Author: Greta Stuthridge
During my grocery shop this week I stopped at the laundry detergents, considering the scent and cost of each brand before picking a floral scented Surf detergent. But what is the environmental impact of that choice?
Doing the weekly washing generates more than clean clothes. Washing machines contribute to almost a quarter of household wastewater or, about 60-180 litres per wash. But what exactly are we sending down our drains?
Laundry detergents are largely composed of surfactants (15%), builders (50%), bleach (7%) and enzymes (2%). This may seem like a nugatory list of mysterious substances, but understanding their behaviour in our waterways following their discharge from a household is what makes them comprehensible, and frankly, worrying.
Surfactants reduce the surface tension of oil and water, allowing the stains and water to amalgamate, making stains removable. However, surfactants degenerate the protective mucus layer that coats fish, protecting them from parasites and bacteria. Taking away this mucus layer is like removing a human’s immune system, leaving them defenseless. Surfactants also enable aquatic life to absorb pesticides and other pollutants in the water easier. Even low detergent concentrations (2 ppm) can cause fish to absorb twice the amount of chemicals they would usually. Gill damage, however, is the most critical toxic effect of detergent. Surfactants form a micelle (molecules that configure in a spherical form in water) which encloses around the dirt and lifts it away. Micelles are toxic to fish as they infiltrate their gills and impede their capacity to acquire oxygen from the water.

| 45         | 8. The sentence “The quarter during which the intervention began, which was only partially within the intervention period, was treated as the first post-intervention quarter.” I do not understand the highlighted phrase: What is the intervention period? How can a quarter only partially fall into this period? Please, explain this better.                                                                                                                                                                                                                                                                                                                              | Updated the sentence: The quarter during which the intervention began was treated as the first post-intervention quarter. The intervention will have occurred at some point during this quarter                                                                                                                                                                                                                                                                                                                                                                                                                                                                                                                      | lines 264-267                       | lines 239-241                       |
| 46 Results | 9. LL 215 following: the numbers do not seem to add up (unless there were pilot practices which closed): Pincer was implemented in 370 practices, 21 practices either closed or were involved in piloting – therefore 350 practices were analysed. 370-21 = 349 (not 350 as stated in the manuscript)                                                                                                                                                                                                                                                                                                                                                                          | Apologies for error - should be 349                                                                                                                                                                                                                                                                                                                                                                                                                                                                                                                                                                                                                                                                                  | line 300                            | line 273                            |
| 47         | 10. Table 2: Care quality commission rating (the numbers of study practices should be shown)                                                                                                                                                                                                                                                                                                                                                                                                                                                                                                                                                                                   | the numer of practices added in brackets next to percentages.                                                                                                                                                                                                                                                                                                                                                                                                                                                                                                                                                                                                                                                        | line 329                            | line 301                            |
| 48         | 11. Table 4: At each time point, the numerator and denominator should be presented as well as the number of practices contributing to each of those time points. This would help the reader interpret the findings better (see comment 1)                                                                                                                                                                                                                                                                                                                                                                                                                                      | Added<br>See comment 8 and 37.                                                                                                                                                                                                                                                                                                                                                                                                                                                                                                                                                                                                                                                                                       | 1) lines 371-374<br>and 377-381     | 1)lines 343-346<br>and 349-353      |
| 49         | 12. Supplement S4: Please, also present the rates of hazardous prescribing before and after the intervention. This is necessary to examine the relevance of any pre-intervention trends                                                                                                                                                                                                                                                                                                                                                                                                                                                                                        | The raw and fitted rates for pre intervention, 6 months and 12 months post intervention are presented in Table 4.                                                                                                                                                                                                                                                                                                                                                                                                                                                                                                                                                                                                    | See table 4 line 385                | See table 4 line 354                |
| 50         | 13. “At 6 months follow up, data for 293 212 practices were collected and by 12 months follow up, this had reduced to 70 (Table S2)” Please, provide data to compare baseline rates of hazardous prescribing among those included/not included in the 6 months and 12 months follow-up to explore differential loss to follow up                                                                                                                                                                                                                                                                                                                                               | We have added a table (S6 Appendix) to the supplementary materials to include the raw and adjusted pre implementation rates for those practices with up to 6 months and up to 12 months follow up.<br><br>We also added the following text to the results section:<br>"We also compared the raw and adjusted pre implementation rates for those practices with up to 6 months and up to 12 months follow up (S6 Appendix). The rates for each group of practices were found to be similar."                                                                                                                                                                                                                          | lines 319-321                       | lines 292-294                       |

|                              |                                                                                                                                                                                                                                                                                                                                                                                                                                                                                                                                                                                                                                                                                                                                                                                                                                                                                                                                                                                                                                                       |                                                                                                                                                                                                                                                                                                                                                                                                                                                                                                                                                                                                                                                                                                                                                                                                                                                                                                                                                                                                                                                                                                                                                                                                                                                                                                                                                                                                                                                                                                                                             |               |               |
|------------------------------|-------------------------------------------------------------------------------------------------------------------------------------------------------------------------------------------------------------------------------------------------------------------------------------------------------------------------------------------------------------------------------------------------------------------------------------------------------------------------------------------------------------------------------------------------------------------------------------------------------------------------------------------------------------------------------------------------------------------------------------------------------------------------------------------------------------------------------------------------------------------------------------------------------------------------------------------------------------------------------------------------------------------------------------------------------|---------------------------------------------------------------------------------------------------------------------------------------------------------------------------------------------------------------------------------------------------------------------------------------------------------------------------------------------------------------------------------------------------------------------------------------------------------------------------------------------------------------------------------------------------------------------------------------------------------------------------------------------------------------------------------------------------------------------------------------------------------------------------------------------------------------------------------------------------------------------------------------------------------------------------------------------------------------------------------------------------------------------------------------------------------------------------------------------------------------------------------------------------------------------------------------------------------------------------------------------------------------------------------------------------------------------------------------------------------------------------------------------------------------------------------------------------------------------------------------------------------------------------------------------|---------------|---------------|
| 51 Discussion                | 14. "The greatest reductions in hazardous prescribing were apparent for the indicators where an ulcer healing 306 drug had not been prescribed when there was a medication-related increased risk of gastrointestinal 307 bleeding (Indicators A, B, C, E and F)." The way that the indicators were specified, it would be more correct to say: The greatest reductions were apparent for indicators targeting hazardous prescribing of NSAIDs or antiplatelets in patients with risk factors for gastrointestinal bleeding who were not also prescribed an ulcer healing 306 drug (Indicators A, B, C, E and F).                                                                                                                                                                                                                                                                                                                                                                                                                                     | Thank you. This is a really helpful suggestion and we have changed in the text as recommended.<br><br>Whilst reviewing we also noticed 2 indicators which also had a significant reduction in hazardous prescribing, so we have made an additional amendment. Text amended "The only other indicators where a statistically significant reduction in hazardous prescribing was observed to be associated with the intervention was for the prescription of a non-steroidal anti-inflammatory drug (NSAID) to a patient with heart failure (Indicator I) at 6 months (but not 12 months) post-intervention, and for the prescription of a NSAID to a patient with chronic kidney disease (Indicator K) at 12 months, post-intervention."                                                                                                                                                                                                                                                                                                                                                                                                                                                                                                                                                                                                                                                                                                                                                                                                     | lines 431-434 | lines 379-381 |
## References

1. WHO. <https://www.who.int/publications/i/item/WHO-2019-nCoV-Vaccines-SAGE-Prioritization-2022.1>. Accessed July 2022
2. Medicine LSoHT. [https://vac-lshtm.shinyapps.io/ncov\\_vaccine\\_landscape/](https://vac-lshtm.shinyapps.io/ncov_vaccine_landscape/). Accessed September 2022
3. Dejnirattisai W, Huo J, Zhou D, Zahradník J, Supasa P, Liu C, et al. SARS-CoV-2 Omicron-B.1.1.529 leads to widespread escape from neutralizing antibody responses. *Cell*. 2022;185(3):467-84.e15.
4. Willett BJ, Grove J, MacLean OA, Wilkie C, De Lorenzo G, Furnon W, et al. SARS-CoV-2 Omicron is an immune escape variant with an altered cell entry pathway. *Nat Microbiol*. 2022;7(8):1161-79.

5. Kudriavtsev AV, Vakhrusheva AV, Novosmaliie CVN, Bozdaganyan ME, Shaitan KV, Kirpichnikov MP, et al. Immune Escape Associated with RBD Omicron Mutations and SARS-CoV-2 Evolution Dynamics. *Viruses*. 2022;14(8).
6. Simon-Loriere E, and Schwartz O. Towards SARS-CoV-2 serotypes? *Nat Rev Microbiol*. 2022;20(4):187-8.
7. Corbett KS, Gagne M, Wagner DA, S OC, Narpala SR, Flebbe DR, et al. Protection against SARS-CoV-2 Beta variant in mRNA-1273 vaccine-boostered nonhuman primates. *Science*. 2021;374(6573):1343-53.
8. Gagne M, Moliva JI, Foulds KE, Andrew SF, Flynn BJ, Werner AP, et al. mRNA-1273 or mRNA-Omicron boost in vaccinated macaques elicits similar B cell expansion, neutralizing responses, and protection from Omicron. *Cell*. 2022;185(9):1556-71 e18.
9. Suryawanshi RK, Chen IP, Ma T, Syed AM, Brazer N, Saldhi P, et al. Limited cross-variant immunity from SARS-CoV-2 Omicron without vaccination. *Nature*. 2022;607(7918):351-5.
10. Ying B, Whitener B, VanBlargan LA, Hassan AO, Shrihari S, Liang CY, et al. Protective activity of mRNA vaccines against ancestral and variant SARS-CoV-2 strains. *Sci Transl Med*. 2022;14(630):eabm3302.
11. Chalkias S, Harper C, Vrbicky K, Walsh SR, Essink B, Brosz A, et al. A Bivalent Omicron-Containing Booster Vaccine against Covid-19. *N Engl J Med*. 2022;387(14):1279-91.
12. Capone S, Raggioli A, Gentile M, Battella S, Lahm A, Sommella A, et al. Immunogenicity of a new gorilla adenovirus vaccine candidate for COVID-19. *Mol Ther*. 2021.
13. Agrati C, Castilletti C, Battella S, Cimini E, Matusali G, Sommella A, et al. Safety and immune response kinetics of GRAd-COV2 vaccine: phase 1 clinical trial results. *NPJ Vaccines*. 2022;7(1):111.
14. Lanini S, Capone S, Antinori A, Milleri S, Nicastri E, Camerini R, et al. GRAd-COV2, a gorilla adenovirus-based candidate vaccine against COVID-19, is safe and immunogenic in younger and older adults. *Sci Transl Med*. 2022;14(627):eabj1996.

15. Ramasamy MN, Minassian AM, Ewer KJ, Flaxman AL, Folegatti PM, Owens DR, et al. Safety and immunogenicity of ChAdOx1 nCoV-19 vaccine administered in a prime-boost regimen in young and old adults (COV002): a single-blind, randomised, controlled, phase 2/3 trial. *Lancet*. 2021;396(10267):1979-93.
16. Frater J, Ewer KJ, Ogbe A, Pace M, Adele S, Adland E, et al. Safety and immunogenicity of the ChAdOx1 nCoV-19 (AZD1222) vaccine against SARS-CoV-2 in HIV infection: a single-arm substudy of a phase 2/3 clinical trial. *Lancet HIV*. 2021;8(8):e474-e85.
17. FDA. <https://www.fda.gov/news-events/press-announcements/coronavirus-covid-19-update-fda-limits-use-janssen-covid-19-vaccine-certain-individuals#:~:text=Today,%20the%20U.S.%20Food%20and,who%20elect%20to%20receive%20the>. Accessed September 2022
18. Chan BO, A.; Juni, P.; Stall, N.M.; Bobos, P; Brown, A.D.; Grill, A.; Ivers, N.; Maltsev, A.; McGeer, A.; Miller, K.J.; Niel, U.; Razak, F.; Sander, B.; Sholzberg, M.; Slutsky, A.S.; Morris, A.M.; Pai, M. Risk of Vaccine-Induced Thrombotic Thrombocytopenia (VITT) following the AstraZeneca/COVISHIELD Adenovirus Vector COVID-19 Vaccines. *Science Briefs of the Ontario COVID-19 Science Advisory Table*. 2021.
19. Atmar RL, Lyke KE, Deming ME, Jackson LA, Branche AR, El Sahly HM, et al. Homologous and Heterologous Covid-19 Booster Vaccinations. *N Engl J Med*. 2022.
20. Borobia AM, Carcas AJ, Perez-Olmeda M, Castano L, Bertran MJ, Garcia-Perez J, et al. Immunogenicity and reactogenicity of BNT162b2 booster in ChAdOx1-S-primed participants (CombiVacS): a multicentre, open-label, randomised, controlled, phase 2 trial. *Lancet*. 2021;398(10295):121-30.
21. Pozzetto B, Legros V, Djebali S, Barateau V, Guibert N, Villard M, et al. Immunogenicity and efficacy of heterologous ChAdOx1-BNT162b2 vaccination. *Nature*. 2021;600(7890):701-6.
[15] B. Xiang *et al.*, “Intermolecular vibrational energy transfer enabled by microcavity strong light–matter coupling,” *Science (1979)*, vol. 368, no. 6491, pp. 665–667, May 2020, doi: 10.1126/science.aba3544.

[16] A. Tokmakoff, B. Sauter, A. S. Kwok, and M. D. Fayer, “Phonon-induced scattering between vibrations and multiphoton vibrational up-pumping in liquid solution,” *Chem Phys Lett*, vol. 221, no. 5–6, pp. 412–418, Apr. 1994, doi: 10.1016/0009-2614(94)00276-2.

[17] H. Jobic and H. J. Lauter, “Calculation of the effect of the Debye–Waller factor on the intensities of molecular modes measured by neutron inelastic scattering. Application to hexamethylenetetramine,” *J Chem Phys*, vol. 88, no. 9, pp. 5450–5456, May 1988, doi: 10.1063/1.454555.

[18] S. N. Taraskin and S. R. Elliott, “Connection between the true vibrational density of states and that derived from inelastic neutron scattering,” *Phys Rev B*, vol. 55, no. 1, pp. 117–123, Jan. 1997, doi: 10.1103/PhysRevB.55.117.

Phosphorus in detergent formula is a builder that removes hard water ions, softening the water to enable easier extraction of grime. With 5% of the world’s mined phosphate ending up in laundry detergents, its inevitable presence in our waterways is substantial and harmful. High concentrations of phosphorus interfere with the natural balance of aquatic environments, causing plants, such as algae, to grow far quicker. When the aquatic plants decompose, they use up the oxygen detrimental to the survival of aquatic life. As this cycle repeats, the resource quality of rivers and lakes gradually decreases.
Detergents have been found responsible for disturbing fish reproduction with detergent concentrations as low as 5 ppm killing fish eggs, whilst surfactant detergents decrease the breeding ability of aquatic organisms.
Unfortunately, our atmosphere does not go unharmed. The CO2 contribution of laundry detergent is estimated at a staggering 218 Kg CO2 eq/year for every New Zealand household.
However, options for action against these damages present themselves to the consumer.
Firstly, who says we need to wear immaculately cleaned clothes every day? Less than ten percent of the average laundry load is heavily soiled. So, if your clothing is free of notable stains or odour, consider it clean and wear it again.
For optimum environmental protection, look for as many eco-claims as possible on detergent packaging. Primarily, Phosphate free; SLS and SLES free (toxic surfactants), neutral PH; biodegradable; No artificial fragrance, colours or preservatives; not tested on animals. Phew!
We can each only do our best. Therefore, all I ask of you is to not choose complacency. Look beyond sale prices and appealing scents next time you purchase laundry detergent. Our fish friends and waterways will thank you for it.
Copyright: Our Environment/Collected thoughts from Victoria University of Wellington’s Environmental Science students. The original content can be found at https://ourenvironment.ac.nz/2019/05/19/the-environmental-impacts-of-laundry-detergent/